Melbourne Employer Claims Real Estate Agent Asked "Invasive" Questions

Melbourne Employer Claims Real Estate Agent Asked “Invasive” Questions

The employer is calling for prospective tenants’ rights to be better protected.

Melbourne employer Luke Hilakari is calling out real estate agents for asking invasive and irrelevant questions about one of his staff members.

Hilakari, secretary for The Victorian Trades Hall in Melbourne, says that he was contacted by an agent who asked him to fill in a referee check for a prospective tenant, reports The Guardian. While the form included questions about income and probation status, Hilakari was also asked questions like “would you consider renting to this person?” along with queries as to whether the staff member was hard-working and punctual.

“These questions are deliberately and unnecessarily invasive,” Hilakari said, per The Guardian “In a reference check for someone getting a job you wouldn’t ask that many questions. “[They] are completely unnecessary to renting a house.”

Hilakari posted his experience on Twitter.

The employer is calling for changes to Victoria’s Residential Tenancy Act to prohibit real estate agents and landlords from requesting applicant information that is really none of their business.

While amendments were made to the Residential Tenancy Act in Victoria in March 2021, and certain requests for information were regulated; Including marriage status, sexual orientation, and former tenancy disputes, Hilakari’s experience had shed light on the many invasions of privacy that are still going on unchecked.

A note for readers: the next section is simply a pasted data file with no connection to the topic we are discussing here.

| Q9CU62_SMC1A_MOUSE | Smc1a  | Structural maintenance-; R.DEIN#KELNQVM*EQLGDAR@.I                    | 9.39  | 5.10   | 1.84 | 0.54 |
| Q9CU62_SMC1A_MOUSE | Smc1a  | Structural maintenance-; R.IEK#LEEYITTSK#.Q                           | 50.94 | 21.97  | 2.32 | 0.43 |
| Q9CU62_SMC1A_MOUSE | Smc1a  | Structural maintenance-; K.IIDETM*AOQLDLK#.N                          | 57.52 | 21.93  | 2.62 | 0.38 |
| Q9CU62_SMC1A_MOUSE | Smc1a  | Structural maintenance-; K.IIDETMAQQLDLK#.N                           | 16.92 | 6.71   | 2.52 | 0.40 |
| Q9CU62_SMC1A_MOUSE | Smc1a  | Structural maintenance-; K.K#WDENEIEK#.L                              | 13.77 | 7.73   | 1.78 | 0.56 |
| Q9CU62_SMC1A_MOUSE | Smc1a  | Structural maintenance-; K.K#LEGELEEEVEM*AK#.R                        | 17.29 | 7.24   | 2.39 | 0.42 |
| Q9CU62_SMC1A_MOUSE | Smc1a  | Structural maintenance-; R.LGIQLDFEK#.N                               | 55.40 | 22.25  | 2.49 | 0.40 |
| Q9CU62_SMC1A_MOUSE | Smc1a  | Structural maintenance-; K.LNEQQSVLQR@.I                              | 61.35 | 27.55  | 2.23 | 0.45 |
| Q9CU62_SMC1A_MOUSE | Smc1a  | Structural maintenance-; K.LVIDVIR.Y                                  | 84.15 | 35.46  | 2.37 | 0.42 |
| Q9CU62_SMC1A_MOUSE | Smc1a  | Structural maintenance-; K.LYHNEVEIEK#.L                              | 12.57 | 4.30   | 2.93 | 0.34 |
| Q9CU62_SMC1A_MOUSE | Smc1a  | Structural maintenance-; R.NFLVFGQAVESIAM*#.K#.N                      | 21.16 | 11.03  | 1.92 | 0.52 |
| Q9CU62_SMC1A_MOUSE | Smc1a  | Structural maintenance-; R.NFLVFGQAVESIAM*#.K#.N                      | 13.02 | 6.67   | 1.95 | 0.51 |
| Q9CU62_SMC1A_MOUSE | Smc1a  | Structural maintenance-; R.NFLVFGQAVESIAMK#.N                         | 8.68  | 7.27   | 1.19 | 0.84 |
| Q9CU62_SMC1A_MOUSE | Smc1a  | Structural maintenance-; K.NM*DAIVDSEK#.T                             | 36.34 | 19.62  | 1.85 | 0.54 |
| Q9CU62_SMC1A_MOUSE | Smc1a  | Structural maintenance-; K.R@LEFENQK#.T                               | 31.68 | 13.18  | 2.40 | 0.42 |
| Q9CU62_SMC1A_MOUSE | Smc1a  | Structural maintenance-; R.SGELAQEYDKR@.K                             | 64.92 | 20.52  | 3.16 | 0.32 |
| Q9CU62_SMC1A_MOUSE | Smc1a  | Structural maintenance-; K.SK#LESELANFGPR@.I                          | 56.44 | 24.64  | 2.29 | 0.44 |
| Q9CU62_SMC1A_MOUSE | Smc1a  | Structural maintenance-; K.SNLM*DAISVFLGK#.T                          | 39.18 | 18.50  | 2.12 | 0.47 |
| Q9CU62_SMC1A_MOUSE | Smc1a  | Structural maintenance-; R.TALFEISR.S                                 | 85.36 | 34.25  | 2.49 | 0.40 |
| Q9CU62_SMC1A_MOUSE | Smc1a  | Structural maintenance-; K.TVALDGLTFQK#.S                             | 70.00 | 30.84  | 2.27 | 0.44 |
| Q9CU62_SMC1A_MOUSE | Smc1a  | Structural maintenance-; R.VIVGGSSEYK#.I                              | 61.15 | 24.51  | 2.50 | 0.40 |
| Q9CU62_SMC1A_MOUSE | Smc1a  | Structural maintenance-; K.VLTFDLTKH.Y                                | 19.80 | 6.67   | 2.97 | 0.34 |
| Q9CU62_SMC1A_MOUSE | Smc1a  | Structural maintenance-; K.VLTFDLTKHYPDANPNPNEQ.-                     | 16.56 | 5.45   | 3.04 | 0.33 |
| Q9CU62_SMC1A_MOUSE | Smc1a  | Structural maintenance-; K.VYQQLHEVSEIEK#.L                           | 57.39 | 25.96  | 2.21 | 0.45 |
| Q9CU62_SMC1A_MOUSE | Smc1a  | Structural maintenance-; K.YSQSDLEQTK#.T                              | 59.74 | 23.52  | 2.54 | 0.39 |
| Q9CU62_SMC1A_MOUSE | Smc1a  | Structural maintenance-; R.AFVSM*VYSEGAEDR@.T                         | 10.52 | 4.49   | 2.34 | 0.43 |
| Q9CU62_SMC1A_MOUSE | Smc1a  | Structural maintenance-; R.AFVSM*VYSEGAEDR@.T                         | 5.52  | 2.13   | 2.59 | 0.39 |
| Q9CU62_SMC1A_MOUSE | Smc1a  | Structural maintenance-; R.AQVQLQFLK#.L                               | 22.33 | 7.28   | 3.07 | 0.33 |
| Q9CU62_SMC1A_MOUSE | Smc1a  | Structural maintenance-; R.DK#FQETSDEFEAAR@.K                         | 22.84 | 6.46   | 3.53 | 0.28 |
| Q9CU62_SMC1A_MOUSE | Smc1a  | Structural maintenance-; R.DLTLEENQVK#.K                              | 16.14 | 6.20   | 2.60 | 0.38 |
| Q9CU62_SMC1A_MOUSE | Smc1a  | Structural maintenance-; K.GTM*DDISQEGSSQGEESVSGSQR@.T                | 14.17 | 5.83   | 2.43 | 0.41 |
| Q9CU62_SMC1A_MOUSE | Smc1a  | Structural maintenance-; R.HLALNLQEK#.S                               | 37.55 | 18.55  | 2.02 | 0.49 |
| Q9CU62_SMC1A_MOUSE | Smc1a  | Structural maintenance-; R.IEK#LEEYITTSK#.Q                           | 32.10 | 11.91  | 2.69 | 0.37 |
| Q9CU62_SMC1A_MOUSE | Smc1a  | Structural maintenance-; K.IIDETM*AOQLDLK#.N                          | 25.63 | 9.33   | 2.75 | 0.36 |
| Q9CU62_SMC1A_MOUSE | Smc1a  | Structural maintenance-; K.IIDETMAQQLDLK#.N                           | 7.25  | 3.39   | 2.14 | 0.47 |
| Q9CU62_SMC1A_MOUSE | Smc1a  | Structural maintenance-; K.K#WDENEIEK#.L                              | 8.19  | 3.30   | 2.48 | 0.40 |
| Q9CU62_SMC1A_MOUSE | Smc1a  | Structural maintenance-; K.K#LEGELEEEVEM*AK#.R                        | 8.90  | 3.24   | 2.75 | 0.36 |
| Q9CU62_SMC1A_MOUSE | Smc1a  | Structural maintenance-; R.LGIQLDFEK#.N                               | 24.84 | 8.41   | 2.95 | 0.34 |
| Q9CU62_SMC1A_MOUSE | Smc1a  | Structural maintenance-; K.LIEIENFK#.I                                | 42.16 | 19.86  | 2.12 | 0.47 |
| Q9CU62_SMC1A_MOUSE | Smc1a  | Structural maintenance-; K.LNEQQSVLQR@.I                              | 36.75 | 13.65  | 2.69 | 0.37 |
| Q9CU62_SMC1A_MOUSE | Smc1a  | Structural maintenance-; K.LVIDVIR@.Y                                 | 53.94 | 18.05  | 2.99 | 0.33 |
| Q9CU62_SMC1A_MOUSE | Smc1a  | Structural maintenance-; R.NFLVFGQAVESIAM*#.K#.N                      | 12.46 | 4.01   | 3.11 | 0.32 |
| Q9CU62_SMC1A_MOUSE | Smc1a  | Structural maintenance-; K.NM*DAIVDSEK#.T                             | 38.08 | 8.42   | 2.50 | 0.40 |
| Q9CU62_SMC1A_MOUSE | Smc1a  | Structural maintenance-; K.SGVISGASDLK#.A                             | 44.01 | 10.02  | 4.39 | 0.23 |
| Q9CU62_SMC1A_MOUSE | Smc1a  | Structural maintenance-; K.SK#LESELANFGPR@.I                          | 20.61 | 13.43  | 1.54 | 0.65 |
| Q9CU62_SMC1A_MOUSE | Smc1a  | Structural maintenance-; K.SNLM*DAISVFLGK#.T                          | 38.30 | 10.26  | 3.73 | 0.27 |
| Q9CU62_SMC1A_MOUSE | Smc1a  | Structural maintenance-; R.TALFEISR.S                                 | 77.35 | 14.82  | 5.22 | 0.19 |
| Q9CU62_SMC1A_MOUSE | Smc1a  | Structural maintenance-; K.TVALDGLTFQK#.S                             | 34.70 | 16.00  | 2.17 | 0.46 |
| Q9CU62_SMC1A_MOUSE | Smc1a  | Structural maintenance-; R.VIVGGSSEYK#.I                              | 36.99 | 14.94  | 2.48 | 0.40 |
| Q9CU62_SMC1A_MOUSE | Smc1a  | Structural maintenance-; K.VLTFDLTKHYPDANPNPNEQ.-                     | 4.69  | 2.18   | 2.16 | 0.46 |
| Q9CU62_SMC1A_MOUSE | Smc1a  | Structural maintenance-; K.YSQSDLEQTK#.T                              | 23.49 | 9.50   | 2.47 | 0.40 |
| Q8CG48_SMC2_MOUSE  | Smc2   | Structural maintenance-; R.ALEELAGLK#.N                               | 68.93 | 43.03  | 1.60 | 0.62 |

In reply to Hilakari’s tweet, one Twitter user wrote: “Before even inspecting a property I had to do a full tenancy application including 100 point check, payslips, employment check, car rego, etc. They now have my data and the property wasn’t suitable.”

“It’s not even them”, another person added. “They hand it off to third party aggregator sites. Gives the agent’s plausible deniability for hacks and leaks and an extra revenue stream from kickbacks when the aggregators onsell the data — to credit agents, to harvesters, to insurers.”

Hilakari indicated that he ended up acquiescing to the request as he was concerned his staffer would be denied the property if he didn’t. “[I] did not want to provide one bit of data, but I felt like I had no choice,” he said. “[The employee] was worried, and I was worried, that if I didn’t answer [they] wouldn’t get the property.”

The story comes after news that Australian rent prices have gone up more than 70 percent in the last 12 months due to a scarcity of vacant properties.

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